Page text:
We no longer know anything about the Chicago Bears. Except they have unshakable confidence.
We no longer know anything about the Chicago Bears.
Except they have unshakable confidence.
“We’ll get it back,” coach Lovie Smith said Sunday after Cincinnati’s 45-10 evisceration of the Bears.
“We still think we can make a run,” quarterback Jay Cutler said. But how?
They won’t make a run by running. The Bears No. 27-ranked ground game sank even lower Sunday with 35 yards on 12 carries. The Bears say they want a balanced offense, but they didn’t mean gaining 11 yards rushing and 11 yards passing in the first quarter.
And all of that defensive improvement with Lovie Smith and new line coach Rod Marinelli calling the shots has disappeared. Chicago, third in the NFL with 14 sacks the first four weeks, has zero in two losses since the bye week. The Bengals scored their first seven possessions, with six touchdowns and a field goal behind Carson Palmer (5 TD passes) and Cedric Benson (189 yards rushing).
The Bears pass defense, a solid 14th in the first five games, looked an awful lot like the No. 30-rated unit from last season.
“We have got to cover better,” said cornerback Charles Tillman, who was burned for 105 yards receiving by Chad Ochocinco in the first half alone.
“Basically, we need to start playing. Bottom line. This is the Chicago Bears. This is not how we play.”
Lovie Smith mentioned he was a coach on a Tampa Bay team that lost 45-0 and recovered to reach the NFC title game.
“Guys always say, ‘We’ve been in this situation before.’ Sometimes you get tired of being in this situation,” safety Danieal Manning said. “We need to get back to Chicago and look at the man in the mirror.”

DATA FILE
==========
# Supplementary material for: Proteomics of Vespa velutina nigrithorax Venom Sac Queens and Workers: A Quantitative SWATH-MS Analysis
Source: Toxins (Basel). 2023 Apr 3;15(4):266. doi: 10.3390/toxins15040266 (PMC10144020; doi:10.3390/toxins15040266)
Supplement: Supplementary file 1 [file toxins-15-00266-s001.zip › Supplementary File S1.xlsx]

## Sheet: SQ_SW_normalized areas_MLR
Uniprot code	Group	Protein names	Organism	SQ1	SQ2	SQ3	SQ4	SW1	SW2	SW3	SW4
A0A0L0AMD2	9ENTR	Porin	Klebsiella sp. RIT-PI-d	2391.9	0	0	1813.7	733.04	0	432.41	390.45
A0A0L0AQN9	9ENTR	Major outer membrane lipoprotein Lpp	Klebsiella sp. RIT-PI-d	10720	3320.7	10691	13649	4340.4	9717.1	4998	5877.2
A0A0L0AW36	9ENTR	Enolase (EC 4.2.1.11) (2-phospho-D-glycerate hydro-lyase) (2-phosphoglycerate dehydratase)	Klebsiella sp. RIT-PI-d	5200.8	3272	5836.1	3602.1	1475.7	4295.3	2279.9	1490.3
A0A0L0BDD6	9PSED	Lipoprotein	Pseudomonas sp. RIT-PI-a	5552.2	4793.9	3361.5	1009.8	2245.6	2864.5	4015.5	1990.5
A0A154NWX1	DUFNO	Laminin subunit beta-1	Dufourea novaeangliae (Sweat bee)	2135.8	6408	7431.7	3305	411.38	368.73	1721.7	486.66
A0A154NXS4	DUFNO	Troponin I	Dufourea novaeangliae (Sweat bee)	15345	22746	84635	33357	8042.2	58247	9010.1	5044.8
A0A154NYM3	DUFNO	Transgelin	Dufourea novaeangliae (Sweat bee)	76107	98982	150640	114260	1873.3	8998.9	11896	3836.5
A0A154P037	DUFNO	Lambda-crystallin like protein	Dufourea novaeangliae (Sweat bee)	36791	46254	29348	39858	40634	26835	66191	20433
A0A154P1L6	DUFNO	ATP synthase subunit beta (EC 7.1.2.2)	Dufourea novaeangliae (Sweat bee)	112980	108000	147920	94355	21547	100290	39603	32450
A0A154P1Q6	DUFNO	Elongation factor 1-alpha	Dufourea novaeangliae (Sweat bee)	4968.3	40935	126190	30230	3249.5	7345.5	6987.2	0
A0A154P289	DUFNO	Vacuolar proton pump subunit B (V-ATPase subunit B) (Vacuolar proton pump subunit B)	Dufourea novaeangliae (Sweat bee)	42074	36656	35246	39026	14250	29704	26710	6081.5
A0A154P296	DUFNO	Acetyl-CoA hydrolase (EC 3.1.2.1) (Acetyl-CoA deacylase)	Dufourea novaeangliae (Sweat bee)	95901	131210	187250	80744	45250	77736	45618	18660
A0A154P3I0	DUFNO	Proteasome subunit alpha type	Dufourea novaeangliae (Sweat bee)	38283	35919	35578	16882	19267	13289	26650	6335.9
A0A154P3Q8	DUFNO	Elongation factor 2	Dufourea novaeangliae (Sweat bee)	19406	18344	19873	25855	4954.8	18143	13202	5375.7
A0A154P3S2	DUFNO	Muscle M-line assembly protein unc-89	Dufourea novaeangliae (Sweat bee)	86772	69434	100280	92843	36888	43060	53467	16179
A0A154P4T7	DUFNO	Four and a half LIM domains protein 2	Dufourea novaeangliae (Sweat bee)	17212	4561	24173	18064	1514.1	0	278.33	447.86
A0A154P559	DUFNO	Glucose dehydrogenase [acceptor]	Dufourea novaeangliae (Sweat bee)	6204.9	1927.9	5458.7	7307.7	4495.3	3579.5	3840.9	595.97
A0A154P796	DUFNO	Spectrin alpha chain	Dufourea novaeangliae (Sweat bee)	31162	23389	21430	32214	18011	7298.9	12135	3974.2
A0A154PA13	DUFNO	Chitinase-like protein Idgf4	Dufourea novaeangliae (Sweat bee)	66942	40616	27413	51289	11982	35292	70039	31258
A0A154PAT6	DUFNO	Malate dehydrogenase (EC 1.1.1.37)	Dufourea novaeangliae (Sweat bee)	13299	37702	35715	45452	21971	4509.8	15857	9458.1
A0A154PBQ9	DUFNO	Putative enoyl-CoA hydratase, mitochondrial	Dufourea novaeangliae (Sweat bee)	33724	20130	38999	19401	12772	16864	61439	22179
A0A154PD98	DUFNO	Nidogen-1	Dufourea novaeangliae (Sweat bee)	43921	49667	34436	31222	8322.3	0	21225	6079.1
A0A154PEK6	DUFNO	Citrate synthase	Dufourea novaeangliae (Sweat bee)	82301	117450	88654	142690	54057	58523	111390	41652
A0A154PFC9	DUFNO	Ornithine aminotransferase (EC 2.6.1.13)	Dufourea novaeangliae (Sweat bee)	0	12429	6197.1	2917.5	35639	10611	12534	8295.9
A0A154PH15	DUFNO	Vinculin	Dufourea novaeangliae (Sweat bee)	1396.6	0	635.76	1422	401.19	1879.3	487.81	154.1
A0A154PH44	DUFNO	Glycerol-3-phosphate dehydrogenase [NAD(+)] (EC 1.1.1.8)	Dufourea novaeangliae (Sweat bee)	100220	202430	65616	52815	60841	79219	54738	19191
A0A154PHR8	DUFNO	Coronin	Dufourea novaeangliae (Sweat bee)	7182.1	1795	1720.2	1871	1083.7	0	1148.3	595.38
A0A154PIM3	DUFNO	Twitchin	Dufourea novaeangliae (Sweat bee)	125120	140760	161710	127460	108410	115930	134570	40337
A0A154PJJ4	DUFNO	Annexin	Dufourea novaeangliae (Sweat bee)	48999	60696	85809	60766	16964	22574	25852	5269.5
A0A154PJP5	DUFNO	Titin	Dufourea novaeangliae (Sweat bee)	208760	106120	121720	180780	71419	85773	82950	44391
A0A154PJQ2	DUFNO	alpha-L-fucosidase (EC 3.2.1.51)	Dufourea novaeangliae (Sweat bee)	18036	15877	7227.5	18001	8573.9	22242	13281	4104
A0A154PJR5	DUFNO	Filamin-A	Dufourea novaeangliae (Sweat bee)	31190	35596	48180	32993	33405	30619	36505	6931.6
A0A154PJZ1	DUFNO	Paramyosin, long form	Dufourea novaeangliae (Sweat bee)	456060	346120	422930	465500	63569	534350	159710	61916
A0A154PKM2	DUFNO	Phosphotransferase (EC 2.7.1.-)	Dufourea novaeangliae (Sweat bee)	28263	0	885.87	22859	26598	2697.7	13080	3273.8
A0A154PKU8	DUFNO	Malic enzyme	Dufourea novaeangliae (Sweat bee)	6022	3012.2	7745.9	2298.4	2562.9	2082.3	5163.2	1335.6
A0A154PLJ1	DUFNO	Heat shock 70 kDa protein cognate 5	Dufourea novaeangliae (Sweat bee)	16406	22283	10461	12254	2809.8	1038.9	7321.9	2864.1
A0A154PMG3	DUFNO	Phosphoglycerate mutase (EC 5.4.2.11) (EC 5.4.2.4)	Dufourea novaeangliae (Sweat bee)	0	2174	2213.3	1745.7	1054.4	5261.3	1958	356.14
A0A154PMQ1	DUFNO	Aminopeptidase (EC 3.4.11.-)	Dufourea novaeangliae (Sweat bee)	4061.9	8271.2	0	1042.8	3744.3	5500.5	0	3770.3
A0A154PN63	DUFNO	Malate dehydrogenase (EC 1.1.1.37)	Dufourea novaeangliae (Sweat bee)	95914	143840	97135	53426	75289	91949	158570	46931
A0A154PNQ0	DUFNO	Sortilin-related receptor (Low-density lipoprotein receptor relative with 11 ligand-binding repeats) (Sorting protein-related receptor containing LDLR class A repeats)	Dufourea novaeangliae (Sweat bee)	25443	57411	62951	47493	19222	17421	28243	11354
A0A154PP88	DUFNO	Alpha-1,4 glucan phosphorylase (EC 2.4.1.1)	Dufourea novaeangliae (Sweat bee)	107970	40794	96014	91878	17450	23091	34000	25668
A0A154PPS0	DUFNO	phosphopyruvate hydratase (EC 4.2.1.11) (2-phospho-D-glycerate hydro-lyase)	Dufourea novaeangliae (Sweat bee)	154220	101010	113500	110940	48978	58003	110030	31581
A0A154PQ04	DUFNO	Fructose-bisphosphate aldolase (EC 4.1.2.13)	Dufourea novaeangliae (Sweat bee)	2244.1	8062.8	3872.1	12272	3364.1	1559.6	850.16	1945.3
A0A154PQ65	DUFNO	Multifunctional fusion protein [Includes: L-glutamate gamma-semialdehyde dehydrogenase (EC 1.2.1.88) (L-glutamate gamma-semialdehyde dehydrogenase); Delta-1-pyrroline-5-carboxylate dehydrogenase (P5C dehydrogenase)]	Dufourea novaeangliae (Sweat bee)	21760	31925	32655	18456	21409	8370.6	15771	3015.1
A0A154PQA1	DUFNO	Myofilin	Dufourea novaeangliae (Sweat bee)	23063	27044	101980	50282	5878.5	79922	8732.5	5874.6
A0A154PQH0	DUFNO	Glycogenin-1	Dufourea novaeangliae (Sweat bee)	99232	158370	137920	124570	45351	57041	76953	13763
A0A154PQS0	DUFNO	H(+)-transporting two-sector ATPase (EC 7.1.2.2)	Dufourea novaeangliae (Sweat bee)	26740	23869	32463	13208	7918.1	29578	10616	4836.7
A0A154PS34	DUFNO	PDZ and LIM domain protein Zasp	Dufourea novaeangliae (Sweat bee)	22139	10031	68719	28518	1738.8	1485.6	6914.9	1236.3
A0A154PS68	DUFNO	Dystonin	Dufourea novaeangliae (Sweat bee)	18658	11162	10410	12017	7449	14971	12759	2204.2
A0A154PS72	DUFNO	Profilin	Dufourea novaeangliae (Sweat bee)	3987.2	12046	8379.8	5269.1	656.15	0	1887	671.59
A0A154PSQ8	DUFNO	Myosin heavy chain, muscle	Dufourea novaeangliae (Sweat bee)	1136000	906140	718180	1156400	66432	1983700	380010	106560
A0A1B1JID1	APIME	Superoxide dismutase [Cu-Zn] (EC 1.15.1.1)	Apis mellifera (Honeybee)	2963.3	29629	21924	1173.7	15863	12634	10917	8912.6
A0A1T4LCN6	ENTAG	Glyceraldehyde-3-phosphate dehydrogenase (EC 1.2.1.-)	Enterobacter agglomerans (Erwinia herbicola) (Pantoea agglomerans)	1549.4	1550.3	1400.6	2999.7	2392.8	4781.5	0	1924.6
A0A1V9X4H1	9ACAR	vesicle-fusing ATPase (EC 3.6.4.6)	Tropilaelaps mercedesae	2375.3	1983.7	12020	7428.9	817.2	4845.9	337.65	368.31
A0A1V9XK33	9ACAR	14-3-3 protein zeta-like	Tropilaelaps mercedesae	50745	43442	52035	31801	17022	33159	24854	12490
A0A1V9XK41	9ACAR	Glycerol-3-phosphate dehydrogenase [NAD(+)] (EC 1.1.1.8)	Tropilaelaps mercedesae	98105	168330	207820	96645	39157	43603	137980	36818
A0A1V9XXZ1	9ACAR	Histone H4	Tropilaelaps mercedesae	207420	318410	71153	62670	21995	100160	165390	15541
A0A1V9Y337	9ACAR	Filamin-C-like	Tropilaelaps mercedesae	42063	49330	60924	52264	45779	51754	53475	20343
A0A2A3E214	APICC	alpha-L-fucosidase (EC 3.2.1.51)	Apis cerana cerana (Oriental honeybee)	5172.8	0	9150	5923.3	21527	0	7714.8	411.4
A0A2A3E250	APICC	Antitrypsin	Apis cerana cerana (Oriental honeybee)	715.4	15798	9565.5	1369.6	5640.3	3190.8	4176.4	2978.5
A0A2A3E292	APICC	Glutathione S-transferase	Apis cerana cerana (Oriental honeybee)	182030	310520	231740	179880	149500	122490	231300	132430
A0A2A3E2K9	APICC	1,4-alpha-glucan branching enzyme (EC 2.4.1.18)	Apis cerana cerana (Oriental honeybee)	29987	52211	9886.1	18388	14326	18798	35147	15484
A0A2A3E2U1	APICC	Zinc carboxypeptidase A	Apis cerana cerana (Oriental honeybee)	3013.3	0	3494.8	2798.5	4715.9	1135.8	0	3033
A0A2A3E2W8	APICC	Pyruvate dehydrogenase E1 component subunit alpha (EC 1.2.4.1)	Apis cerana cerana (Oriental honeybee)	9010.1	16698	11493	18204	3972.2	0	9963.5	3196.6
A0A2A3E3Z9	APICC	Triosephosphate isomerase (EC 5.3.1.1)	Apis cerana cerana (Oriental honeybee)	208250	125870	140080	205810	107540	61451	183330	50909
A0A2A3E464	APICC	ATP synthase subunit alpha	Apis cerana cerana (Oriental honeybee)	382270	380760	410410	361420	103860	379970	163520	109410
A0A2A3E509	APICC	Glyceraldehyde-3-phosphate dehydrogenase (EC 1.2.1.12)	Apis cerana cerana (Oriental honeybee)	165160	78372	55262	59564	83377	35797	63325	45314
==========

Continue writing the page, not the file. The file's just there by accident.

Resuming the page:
One positive, though, may have emerged from the rubble of Sunday’s 45-10 defeat. Cutler, for the first time, pointed the finger of blame directly at himself, even though the defense was the main culprit.
“We can’t put our defense in that situation,” Cutler said of failing to score after any of the Bengals’ first four touchdowns. “We’ve got to answer back. That’s on me and the rest of the offense.”
“That’s just the kind of teammate Jay is,” Tillman said. “We hung our offense out to dry. We didn’t help ourselves.”
When Cutler wasn’t trying to take the blame, Lovie Smith was.
“I didn’t have my team ready to go,” he said.
“That’s the kind of coach Coach Smith is,” Tillman answered. “I take the blame for my part of what I did today. I don’t blame any coach. I’m not pointing fingers at anybody. If anybody, I blame myself.”
The Bears (3-3) were more united in this defeat than in any other this year.
“Three picks. That’s going to hurt us,” Cutler said, pointing to his three interceptions.
“I’ve got to start with No. 96,” said No. 96, defensive end Alex Brown.
“Goll-ee, it’s embarrassing to come out and play like that,” Brown added. “When you have a game like that, you really find out what you have deep down inside as a team.”
The Bears have found they are a team that can’t keep pushing its luck by falling behind early.
“It was too easy for Cincinnati,” defensive end Adewale Ogunleye said. “It was another one of those games where we started slow, and today they kept steamrolling us. That came and bit us in the tail, not starting fast. When you play a good team and you start slow, they see that. They knew and pressed the throttle and kept going.
“As the teams get better and the season gets longer, you don’t have room to spot teams points and play catch-up. We have to come out faster.”
They have to do everything better than they did Sunday.
“We’re a better team than that,” Brown said. “But, today, I guess Cincy showed maybe we aren’t.”
Sticking together is the Bears’ first step in proving they are better. But it’s just one step. Chicago needs a whole lot more.
Assistant sports editor Matt Trowbridge can be reached at 815-987-1383 or firstname.lastname@example.org.